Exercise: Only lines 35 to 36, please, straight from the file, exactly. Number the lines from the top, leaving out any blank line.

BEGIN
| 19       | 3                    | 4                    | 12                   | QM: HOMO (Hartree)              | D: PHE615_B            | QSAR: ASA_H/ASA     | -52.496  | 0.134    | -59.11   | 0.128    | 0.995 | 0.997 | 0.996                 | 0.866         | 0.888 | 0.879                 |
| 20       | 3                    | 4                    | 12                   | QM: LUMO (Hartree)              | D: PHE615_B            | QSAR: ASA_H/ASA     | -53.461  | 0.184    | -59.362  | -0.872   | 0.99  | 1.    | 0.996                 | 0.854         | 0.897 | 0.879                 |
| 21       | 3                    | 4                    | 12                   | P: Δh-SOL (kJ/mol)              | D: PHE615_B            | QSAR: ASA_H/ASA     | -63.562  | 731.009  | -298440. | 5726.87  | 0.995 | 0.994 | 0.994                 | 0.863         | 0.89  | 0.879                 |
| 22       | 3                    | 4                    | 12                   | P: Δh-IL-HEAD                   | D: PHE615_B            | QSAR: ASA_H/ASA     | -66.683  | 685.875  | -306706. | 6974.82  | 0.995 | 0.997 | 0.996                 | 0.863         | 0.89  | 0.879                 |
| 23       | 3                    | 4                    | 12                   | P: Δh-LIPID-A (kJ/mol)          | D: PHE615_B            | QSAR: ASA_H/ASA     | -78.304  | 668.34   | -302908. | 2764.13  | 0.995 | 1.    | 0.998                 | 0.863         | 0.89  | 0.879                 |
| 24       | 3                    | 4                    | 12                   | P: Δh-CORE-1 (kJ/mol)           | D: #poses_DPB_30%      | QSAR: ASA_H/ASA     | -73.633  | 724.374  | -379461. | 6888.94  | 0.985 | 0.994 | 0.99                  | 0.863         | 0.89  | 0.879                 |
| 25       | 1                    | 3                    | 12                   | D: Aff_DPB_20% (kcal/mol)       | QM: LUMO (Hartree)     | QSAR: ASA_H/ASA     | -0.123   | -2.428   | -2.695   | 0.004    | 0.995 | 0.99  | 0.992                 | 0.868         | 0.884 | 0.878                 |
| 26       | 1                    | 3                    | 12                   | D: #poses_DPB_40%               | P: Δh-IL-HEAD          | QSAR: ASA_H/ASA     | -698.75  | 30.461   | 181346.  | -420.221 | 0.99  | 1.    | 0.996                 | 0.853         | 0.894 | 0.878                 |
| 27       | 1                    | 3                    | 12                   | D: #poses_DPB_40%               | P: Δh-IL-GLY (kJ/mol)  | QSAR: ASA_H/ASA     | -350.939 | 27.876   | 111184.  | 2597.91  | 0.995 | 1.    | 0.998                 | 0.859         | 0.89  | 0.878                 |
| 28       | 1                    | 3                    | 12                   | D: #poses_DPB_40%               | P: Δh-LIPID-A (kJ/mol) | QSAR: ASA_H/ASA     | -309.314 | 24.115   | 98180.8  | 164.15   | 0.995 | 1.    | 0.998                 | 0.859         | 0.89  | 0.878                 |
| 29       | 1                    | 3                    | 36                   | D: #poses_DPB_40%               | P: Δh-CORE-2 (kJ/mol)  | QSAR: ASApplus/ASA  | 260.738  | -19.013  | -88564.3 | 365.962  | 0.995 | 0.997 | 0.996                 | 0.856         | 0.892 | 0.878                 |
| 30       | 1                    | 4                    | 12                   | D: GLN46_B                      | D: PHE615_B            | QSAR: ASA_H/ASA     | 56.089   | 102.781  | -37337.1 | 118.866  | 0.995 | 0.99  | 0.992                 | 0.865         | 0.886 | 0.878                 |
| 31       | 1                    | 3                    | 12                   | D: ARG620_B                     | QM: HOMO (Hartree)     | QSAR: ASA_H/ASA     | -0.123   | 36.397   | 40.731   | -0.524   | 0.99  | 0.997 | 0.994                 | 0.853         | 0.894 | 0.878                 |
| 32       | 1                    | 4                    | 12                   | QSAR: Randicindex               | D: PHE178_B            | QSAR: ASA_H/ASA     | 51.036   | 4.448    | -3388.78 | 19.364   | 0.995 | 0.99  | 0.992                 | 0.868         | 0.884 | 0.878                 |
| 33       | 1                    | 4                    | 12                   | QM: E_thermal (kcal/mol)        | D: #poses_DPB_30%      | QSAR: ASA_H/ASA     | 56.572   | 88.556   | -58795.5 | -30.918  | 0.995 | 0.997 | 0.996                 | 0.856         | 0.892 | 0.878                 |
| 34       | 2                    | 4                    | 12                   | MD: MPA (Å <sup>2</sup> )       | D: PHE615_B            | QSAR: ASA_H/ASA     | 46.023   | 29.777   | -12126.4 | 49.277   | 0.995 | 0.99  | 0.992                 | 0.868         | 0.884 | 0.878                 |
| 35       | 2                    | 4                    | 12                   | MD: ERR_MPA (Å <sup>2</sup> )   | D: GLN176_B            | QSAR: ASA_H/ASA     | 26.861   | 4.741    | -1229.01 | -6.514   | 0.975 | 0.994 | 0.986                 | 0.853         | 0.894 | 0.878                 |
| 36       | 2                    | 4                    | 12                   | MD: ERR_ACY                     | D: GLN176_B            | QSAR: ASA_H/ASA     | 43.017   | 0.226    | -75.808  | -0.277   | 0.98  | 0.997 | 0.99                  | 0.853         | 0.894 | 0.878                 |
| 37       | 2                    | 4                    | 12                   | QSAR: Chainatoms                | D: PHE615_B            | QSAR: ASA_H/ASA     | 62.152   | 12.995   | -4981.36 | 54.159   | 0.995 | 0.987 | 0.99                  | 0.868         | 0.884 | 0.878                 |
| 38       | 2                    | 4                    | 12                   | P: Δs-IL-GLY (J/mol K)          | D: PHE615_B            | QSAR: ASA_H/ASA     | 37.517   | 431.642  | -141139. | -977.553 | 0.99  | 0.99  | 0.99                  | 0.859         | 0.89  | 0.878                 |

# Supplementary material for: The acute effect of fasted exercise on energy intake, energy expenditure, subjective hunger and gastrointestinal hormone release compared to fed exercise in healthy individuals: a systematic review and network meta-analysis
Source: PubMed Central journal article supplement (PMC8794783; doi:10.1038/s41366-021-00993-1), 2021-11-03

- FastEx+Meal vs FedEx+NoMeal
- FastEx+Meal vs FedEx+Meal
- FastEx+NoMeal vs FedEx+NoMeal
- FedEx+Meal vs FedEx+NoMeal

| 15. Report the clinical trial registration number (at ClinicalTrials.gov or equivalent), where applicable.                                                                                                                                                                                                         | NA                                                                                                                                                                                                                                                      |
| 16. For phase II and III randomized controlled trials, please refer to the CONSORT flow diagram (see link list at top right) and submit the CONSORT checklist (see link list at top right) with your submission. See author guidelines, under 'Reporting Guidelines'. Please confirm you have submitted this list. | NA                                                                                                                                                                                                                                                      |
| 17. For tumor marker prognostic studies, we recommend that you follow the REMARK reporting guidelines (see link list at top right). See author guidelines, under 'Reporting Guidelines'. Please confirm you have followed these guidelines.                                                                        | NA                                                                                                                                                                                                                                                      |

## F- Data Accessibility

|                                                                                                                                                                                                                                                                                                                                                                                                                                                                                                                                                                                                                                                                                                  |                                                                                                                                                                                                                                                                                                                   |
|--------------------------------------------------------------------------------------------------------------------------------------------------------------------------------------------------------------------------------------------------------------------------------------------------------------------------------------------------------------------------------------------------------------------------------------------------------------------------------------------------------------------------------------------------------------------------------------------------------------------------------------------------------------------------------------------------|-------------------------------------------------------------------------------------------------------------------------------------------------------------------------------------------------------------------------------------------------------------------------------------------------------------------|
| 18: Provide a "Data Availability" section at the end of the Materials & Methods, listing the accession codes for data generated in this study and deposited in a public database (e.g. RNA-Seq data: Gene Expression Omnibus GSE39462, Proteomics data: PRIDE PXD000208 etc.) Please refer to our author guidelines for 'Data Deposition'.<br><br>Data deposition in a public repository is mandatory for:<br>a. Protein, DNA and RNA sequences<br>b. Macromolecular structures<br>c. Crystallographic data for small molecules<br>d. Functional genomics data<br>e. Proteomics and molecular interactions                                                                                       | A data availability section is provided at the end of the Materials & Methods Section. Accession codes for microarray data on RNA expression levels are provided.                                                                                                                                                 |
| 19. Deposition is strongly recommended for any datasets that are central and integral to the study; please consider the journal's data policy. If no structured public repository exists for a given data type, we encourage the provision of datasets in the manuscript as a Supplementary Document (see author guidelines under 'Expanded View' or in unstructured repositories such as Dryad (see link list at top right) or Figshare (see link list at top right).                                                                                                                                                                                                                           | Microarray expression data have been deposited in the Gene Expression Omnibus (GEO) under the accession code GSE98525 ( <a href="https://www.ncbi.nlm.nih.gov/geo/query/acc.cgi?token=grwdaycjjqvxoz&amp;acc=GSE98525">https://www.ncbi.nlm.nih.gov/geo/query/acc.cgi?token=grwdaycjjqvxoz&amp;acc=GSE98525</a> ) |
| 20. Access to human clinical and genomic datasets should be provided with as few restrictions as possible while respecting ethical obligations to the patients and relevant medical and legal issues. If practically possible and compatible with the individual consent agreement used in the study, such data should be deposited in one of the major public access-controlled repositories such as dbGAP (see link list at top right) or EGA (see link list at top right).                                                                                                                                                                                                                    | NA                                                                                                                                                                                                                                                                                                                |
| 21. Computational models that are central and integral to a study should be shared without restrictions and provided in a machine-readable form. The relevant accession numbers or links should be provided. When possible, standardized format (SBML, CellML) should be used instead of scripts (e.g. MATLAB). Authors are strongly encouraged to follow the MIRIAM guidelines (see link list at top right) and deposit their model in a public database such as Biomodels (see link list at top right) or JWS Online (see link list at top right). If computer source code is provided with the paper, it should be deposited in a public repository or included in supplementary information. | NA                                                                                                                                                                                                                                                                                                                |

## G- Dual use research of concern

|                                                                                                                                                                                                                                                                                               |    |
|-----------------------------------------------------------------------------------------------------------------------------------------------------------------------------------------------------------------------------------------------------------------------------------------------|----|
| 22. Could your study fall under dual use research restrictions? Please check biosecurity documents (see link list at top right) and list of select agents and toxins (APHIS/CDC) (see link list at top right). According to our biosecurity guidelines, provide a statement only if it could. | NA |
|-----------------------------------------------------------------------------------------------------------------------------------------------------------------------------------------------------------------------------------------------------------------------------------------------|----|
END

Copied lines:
| 20. Access to human clinical and genomic datasets should be provided with as few restrictions as possible while respecting ethical obligations to the patients and relevant medical and legal issues. If practically possible and compatible with the individual consent agreement used in the study, such data should be deposited in one of the major public access-controlled repositories such as dbGAP (see link list at top right) or EGA (see link list at top right).                                                                                                                                                                                                                    | NA                                                                                                                                                                                                                                                                                                                |
| 21. Computational models that are central and integral to a study should be shared without restrictions and provided in a machine-readable form. The relevant accession numbers or links should be provided. When possible, standardized format (SBML, CellML) should be used instead of scripts (e.g. MATLAB). Authors are strongly encouraged to follow the MIRIAM guidelines (see link list at top right) and deposit their model in a public database such as Biomodels (see link list at top right) or JWS Online (see link list at top right). If computer source code is provided with the paper, it should be deposited in a public repository or included in supplementary information. | NA                                                                                                                                                                                                                                                                                                                |